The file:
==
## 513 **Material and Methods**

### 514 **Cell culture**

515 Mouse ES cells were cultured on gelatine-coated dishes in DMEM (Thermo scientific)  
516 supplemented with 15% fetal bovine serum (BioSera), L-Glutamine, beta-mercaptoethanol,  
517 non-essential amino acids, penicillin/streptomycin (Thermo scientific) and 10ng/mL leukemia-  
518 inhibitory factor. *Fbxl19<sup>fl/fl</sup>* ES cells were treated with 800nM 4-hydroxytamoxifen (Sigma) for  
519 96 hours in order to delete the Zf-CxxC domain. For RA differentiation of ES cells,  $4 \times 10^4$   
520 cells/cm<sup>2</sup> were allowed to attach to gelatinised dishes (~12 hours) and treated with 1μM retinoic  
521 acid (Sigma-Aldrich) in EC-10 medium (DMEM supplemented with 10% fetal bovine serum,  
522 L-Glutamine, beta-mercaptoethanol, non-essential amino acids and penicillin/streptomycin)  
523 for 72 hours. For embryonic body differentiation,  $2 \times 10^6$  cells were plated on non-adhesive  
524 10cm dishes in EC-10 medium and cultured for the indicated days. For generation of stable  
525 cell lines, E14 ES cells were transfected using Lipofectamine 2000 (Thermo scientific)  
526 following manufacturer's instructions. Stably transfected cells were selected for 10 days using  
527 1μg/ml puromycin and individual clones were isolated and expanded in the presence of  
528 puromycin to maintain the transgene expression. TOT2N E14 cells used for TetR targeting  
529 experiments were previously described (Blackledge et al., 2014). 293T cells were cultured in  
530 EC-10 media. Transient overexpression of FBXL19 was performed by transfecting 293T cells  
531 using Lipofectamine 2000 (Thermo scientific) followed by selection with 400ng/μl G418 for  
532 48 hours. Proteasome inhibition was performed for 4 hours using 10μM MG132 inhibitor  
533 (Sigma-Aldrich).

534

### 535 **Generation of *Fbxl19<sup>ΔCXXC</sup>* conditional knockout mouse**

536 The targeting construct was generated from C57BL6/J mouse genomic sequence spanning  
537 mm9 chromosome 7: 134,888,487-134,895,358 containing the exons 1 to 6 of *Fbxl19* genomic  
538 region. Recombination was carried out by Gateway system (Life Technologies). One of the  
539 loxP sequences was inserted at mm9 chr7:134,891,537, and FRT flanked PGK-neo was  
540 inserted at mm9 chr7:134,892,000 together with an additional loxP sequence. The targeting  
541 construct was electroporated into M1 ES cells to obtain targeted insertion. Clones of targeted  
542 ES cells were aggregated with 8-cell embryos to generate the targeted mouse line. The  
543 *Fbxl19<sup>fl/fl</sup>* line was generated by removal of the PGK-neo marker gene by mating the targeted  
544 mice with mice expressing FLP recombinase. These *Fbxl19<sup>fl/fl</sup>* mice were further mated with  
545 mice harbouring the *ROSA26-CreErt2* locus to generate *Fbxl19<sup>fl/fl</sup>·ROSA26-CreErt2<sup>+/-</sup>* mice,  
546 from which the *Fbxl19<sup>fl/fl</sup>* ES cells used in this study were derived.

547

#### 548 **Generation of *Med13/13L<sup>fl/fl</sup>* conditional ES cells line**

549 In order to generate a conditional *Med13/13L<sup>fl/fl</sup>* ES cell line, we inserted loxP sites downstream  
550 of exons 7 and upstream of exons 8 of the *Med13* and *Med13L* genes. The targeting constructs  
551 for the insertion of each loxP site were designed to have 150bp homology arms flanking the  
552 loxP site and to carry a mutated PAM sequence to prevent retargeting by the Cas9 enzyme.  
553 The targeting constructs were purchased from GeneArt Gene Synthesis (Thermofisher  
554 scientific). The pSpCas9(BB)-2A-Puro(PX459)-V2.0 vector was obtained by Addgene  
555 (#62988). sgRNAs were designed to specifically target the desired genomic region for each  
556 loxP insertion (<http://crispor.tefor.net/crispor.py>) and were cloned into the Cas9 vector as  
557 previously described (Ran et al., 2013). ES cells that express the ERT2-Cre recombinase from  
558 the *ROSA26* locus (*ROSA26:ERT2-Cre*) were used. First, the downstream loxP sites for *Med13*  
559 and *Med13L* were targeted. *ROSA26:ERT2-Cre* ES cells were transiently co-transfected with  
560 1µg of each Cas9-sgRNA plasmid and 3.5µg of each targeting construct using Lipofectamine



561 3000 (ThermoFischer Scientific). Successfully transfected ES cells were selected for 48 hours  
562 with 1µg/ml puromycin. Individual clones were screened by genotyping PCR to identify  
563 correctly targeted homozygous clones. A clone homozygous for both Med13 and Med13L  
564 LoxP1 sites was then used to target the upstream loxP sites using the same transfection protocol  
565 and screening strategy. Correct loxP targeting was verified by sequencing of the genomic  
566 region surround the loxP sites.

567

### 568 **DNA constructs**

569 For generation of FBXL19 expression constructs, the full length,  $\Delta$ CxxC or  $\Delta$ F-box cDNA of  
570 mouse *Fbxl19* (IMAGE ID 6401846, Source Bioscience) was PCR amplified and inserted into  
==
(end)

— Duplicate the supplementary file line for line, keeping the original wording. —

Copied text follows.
## 513 **Material and Methods**

### 514 **Cell culture**

515 Mouse ES cells were cultured on gelatine-coated dishes in DMEM (Thermo scientific)  
516 supplemented with 15% fetal bovine serum (BioSera), L-Glutamine, beta-mercaptoethanol,  
517 non-essential amino acids, penicillin/streptomycin (Thermo scientific) and 10ng/mL leukemia-  
518 inhibitory factor. *Fbxl19<sup>fl/fl</sup>* ES cells were treated with 800nM 4-hydroxytamoxifen (Sigma) for  
519 96 hours in order to delete the Zf-CxxC domain. For RA differentiation of ES cells,  $4 \times 10^4$   
520 cells/cm<sup>2</sup> were allowed to attach to gelatinised dishes (~12 hours) and treated with 1μM retinoic  
521 acid (Sigma-Aldrich) in EC-10 medium (DMEM supplemented with 10% fetal bovine serum,  
522 L-Glutamine, beta-mercaptoethanol, non-essential amino acids and penicillin/streptomycin)  
523 for 72 hours. For embryonic body differentiation,  $2 \times 10^6$  cells were plated on non-adhesive  
524 10cm dishes in EC-10 medium and cultured for the indicated days. For generation of stable  
525 cell lines, E14 ES cells were transfected using Lipofectamine 2000 (Thermo scientific)  
526 following manufacturer's instructions. Stably transfected cells were selected for 10 days using  
527 1μg/ml puromycin and individual clones were isolated and expanded in the presence of  
528 puromycin to maintain the transgene expression. TOT2N E14 cells used for TetR targeting  
529 experiments were previously described (Blackledge et al., 2014). 293T cells were cultured in  
530 EC-10 media. Transient overexpression of FBXL19 was performed by transfecting 293T cells  
531 using Lipofectamine 2000 (Thermo scientific) followed by selection with 400ng/μl G418 for  
532 48 hours. Proteasome inhibition was performed for 4 hours using 10μM MG132 inhibitor  
533 (Sigma-Aldrich).

534

### 535 **Generation of *Fbxl19<sup>ΔCXXC</sup>* conditional knockout mouse**

536 The targeting construct was generated from C57BL6/J mouse genomic sequence spanning  
537 mm9 chromosome 7: 134,888,487-134,895,358 containing the exons 1 to 6 of *Fbxl19* genomic  
538 region. Recombination was carried out by Gateway system (Life Technologies). One of the  
539 loxP sequences was inserted at mm9 chr7:134,891,537, and FRT flanked PGK-neo was  
540 inserted at mm9 chr7:134,892,000 together with an additional loxP sequence. The targeting  
541 construct was electroporated into M1 ES cells to obtain targeted insertion. Clones of targeted  
542 ES cells were aggregated with 8-cell embryos to generate the targeted mouse line. The  
543 *Fbxl19<sup>fl/fl</sup>* line was generated by removal of the PGK-neo marker gene by mating the targeted  
544 mice with mice expressing FLP recombinase. These *Fbxl19<sup>fl/fl</sup>* mice were further mated with  
545 mice harbouring the *ROSA26-CreErt2* locus to generate *Fbxl19<sup>fl/fl</sup>·ROSA26-CreErt2<sup>+/-</sup>* mice,  
546 from which the *Fbxl19<sup>fl/fl</sup>* ES cells used in this study were derived.

547

#### 548 **Generation of *Med13/13L<sup>fl/fl</sup>* conditional ES cells line**

549 In order to generate a conditional *Med13/13L<sup>fl/fl</sup>* ES cell line, we inserted loxP sites downstream  
550 of exons 7 and upstream of exons 8 of the *Med13* and *Med13L* genes. The targeting constructs  
551 for the insertion of each loxP site were designed to have 150bp homology arms flanking the  
552 loxP site and to carry a mutated PAM sequence to prevent retargeting by the Cas9 enzyme.  
553 The targeting constructs were purchased from GeneArt Gene Synthesis (Thermofisher  
554 scientific). The pSpCas9(BB)-2A-Puro(PX459)-V2.0 vector was obtained by Addgene  
555 (#62988). sgRNAs were designed to specifically target the desired genomic region for each  
556 loxP insertion (<http://crispor.tefor.net/crispor.py>) and were cloned into the Cas9 vector as  
557 previously described (Ran et al., 2013). ES cells that express the ERT2-Cre recombinase from  
558 the *ROSA26* locus (*ROSA26:ERT2-Cre*) were used. First, the downstream loxP sites for *Med13*  
559 and *Med13L* were targeted. *ROSA26:ERT2-Cre* ES cells were transiently co-transfected with  
560 1µg of each Cas9-sgRNA plasmid and 3.5µg of each targeting construct using Lipofectamine



561 3000 (ThermoFischer Scientific). Successfully transfected ES cells were selected for 48 hours  
562 with 1µg/ml puromycin. Individual clones were screened by genotyping PCR to identify  
563 correctly targeted homozygous clones. A clone homozygous for both Med13 and Med13L  
564 LoxP1 sites was then used to target the upstream loxP sites using the same transfection protocol  
565 and screening strategy. Correct loxP targeting was verified by sequencing of the genomic  
566 region surround the loxP sites.

567

### 568 **DNA constructs**

569 For generation of FBXL19 expression constructs, the full length,  $\Delta$ CxxC or  $\Delta$ F-box cDNA of  
570 mouse *Fbxl19* (IMAGE ID 6401846, Source Bioscience) was PCR amplified and inserted into  